Project Gemini enables artists draw raster and vector brushes, combining the tools out of programs like Photoshop Sketch and Adobe Illustrator tug into a single program. Vector brushes are scalable to any size, and you can import Photoshop brushes in the own library, which means you can load tools like Kyle T. Webster’s custom Photoshop brushes. Additionally, there are some new features that were sorely needed like also the capability and a selection tool, in Photoshop Sketch.
While Adobe has said that Photoshop for the iPad will have features that focus on compositing workflows, Project Gemini is focused on drawing, painting, and illustrating. The app’s most important selling point is its own Brushes, which are watercolor and oil paint brushes that behave like paint in life. The brushes respond to the paint that’s already on the canvas, so watercolors bloom and spread naturally, and colours blend together seamlessly. With acrylic paints, brush strokes have been portrayed with texture that was vivid, and you can control how much paint can be implemented on the canvas.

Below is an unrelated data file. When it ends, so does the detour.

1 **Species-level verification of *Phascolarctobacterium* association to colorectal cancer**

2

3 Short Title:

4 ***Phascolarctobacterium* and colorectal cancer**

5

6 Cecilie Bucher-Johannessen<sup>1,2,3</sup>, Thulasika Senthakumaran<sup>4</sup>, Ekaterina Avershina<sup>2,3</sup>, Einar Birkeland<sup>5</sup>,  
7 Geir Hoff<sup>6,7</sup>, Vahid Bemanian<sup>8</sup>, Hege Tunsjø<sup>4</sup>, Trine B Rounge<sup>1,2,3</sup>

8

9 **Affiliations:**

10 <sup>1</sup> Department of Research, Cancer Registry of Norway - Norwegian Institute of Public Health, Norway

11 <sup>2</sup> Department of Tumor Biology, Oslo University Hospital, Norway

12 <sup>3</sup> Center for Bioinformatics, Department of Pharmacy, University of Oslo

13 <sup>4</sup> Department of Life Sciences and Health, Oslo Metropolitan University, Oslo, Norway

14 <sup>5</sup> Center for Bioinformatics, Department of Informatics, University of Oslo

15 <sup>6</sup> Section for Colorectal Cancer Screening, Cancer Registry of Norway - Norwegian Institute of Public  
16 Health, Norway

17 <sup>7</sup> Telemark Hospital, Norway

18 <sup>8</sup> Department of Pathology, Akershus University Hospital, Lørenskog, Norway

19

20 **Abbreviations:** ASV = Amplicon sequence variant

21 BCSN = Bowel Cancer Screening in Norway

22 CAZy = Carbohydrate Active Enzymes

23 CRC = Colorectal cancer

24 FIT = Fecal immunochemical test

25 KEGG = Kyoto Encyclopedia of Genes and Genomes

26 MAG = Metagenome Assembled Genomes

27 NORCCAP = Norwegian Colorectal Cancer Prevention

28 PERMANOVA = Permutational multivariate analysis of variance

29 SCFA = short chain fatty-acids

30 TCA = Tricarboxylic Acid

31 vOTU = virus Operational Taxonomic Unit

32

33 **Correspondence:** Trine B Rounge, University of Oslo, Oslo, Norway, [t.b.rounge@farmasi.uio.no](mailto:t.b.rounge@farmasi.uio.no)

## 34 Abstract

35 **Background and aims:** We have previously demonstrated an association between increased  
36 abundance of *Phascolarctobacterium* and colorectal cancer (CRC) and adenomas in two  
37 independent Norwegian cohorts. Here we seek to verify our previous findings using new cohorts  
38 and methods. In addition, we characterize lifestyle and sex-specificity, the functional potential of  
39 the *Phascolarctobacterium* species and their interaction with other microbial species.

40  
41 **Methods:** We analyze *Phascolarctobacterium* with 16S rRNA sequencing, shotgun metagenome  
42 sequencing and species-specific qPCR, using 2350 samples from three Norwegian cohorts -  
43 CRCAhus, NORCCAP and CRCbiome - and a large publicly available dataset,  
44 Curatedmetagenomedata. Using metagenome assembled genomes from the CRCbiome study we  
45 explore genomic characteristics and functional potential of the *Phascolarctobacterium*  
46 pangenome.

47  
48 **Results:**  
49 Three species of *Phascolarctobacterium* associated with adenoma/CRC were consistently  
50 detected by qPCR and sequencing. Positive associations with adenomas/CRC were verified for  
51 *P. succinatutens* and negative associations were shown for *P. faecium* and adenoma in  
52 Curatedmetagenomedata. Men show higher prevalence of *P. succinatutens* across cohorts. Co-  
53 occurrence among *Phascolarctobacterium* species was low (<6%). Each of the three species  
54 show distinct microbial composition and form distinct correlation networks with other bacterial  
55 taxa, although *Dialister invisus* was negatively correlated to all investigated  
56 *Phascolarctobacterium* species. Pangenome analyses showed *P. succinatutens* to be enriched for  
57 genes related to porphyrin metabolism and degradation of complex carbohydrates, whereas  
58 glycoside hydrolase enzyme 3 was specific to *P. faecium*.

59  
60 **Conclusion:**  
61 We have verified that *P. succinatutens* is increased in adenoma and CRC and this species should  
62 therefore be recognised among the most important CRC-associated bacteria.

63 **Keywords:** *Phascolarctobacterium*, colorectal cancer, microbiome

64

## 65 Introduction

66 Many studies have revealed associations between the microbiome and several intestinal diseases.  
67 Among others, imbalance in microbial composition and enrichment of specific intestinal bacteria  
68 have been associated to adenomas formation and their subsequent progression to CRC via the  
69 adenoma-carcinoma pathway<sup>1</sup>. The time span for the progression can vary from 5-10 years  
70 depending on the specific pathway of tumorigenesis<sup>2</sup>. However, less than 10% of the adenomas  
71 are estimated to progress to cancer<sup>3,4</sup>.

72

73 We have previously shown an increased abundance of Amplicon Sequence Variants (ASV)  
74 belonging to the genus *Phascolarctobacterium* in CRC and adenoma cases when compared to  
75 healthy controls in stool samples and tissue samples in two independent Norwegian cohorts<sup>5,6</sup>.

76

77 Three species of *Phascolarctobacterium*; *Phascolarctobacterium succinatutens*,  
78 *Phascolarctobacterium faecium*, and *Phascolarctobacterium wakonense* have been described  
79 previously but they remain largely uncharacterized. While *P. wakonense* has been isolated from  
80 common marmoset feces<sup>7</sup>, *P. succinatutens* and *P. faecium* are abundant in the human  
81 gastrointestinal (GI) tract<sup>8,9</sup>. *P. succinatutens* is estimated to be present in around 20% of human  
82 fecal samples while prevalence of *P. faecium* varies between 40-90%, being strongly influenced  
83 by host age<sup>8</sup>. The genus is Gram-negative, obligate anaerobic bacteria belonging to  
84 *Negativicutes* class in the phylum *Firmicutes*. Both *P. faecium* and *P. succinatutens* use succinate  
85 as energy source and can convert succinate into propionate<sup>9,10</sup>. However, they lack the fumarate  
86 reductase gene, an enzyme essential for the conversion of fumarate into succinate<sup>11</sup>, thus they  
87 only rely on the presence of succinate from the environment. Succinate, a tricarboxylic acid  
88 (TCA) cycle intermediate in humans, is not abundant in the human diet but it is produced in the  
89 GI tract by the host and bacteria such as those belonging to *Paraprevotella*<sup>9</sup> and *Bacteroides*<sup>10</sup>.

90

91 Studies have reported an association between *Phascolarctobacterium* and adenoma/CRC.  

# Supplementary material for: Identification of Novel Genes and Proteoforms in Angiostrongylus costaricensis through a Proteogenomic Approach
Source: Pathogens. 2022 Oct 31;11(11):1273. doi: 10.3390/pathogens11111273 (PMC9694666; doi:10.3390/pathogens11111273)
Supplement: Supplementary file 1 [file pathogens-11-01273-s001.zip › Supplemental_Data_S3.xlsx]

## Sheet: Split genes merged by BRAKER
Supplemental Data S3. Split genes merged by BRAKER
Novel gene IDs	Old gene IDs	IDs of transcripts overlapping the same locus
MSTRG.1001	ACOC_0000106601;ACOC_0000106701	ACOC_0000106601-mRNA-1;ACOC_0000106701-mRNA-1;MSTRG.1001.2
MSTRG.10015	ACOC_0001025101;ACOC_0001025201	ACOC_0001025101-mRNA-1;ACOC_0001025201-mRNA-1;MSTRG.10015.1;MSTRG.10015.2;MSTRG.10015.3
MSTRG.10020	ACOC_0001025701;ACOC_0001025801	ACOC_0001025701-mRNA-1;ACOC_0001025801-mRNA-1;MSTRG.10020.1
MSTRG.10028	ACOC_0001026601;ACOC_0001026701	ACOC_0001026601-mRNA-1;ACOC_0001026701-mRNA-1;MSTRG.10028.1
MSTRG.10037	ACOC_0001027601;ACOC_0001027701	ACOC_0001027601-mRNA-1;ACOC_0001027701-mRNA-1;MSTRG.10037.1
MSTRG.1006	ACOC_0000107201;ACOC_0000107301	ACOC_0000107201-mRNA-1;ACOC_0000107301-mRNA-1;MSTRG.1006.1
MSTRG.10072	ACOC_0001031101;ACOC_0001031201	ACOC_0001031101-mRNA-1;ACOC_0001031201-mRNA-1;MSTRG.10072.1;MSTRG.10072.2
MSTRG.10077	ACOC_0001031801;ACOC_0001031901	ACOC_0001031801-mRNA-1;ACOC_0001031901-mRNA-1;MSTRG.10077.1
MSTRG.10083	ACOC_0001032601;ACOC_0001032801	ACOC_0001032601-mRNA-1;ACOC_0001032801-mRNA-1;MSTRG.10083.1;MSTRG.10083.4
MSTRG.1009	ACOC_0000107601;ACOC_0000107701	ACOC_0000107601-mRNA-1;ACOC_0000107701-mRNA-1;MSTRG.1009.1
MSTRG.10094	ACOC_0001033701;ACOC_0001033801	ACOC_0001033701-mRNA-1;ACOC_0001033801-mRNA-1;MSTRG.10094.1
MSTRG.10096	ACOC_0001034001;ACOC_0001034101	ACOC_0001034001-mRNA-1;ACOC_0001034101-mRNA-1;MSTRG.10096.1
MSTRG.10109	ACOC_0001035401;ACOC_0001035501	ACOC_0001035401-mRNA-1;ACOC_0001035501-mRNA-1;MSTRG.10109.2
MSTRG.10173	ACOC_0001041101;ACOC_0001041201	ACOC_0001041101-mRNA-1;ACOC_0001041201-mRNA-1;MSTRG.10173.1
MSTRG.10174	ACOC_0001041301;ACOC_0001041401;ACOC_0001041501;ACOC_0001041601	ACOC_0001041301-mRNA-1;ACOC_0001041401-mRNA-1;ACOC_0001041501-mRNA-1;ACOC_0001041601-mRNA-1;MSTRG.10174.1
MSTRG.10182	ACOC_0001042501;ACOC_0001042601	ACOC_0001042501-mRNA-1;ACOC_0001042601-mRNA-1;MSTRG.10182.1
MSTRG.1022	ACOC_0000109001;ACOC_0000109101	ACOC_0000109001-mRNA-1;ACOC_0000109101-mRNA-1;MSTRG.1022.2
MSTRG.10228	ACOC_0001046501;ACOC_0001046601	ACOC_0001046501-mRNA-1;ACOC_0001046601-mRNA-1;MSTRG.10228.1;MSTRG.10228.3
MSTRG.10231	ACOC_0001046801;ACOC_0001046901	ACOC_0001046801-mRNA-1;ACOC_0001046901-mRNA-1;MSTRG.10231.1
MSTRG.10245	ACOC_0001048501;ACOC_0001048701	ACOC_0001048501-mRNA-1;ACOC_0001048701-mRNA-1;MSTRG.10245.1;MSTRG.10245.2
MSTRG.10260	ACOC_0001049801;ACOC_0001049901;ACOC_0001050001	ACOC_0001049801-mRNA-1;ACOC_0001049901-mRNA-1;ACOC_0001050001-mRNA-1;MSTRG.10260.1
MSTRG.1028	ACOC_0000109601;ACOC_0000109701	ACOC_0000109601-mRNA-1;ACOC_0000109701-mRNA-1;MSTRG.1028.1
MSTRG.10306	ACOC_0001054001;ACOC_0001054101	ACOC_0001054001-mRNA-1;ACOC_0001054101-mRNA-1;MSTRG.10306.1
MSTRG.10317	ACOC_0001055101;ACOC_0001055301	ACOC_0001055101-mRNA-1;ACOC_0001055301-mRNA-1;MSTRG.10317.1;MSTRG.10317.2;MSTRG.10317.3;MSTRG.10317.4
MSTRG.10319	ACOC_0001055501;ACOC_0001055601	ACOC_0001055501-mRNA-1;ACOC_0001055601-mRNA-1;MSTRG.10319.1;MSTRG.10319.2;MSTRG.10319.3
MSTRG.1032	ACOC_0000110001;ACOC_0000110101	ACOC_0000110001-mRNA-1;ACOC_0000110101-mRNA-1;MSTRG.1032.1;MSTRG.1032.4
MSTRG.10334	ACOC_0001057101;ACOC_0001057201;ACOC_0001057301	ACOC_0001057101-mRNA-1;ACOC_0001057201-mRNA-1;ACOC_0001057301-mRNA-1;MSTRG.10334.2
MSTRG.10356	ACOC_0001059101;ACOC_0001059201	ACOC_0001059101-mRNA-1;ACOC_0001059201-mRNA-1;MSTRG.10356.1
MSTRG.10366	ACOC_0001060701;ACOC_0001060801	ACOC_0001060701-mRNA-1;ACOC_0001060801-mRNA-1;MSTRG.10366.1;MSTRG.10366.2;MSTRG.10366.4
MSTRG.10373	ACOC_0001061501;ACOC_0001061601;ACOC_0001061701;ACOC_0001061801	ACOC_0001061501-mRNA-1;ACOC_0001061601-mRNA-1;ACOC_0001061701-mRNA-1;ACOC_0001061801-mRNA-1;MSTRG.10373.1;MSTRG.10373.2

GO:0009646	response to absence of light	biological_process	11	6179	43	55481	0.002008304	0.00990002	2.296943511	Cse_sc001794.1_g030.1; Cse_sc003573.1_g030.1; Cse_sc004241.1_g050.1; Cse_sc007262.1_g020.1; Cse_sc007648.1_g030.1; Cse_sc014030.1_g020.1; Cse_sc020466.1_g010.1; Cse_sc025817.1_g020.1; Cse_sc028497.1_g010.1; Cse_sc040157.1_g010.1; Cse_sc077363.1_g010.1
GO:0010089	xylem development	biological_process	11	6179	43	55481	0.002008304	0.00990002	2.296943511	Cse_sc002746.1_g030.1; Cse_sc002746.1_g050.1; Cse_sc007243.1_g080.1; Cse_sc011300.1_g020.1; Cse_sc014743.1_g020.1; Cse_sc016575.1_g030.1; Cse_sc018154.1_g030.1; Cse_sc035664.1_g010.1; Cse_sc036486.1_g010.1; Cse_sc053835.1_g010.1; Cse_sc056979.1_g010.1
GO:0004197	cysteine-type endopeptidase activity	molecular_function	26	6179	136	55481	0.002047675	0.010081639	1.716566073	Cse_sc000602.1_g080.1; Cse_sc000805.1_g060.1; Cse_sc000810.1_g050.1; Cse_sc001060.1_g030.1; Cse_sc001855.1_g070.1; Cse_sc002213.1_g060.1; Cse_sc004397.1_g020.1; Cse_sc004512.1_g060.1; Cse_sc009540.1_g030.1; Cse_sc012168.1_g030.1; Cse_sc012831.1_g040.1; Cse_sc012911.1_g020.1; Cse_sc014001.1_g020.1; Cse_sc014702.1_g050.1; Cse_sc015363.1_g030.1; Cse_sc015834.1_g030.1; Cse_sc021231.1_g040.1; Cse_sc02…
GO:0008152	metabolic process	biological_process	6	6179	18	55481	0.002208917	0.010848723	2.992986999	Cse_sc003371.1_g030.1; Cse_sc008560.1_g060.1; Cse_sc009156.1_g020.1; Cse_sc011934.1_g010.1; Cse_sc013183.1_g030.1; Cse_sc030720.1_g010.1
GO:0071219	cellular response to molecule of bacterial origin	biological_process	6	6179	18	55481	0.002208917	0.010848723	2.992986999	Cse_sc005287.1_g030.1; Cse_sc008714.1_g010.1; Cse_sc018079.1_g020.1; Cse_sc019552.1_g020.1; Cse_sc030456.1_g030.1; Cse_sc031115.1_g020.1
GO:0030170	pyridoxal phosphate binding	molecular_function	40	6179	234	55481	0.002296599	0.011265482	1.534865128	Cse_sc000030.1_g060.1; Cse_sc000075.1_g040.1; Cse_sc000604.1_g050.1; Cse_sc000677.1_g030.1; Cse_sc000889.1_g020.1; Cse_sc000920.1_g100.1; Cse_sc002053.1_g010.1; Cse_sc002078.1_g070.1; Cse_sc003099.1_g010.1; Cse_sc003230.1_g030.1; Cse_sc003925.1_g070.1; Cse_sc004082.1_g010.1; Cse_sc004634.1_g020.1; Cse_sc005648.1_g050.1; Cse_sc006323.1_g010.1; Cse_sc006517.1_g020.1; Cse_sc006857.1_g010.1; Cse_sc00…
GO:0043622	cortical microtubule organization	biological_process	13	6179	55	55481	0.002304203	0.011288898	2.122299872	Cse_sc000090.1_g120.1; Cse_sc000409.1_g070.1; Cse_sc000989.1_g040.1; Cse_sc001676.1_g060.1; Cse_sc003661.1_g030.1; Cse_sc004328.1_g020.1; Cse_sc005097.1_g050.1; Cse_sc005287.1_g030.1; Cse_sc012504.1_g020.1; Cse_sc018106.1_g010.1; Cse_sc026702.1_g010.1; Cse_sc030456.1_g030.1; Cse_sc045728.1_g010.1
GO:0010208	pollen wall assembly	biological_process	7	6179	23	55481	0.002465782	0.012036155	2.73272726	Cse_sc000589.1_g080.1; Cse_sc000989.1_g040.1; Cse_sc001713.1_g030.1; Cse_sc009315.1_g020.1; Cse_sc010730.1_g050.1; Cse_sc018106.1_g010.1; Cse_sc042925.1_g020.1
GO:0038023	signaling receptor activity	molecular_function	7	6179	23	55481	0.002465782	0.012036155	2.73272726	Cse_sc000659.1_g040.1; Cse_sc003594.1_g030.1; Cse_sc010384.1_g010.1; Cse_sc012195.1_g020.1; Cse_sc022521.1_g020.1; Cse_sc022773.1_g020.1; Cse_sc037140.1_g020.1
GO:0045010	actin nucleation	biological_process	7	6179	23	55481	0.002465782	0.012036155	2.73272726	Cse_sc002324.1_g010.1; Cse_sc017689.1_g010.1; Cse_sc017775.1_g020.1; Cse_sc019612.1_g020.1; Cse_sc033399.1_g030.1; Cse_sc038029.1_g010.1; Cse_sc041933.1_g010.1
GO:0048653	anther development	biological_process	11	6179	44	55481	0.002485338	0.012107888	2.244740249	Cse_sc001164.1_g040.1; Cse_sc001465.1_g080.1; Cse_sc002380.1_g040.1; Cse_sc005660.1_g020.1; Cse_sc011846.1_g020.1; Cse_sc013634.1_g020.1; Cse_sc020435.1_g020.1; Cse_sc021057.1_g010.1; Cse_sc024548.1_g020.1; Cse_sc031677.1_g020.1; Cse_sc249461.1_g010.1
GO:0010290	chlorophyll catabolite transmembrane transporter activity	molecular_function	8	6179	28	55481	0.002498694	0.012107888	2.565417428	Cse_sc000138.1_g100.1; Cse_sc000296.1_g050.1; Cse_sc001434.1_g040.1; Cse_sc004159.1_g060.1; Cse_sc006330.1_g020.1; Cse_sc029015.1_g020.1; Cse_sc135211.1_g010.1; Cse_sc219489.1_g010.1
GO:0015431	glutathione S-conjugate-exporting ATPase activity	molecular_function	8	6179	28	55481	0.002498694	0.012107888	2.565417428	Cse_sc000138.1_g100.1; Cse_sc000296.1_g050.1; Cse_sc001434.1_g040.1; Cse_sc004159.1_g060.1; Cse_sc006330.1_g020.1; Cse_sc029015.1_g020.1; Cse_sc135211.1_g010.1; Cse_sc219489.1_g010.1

Project Gemini’s UI is virtually equal to Photoshop for the iPad, with the tool palette on the left and layer properties. For someone like me who’s more comfortable working on a desktop than an iPad, that is an edge. I am able to use the tools and import the file as a PSD to continue working on it.
When I previewed Photoshop to your iPad A whole lot of features were ready, but the Project Gemini construct I saw seemed complete. Documents were saved to Creative Cloud, along with also an Adobe rep explained that integrations like Dropbox and Google Drive were on the road. More upcoming features contained keyboard shortcuts and the UI signature modifier, which is a button that switches as you hold down it to the last tool you were using. I really did miss a few attributes like the ability to add a background panel and Text. (To be honest, most drawing programs like Procreate don’t have these .)
Adobe first teased Project Gemini, its”next-generation painting and drawing program” last October, along with a preview of its Photoshop for its iPad program. A version of the program is currently being introduced to a handful of artists on a prerelease program, and it was previewed at New York, where I got to have a look in the MoCCA Arts Festival.
Adobe states Project Gemini is currently coming to the iPad, followed by Windows 10 and Android apparatus. Photoshop for the iPad and both Project Gemini are slated for launch in 2019. Creative Cloud subscribers can expect to utilize the programs as part of their registration, although there is no pricing information yet.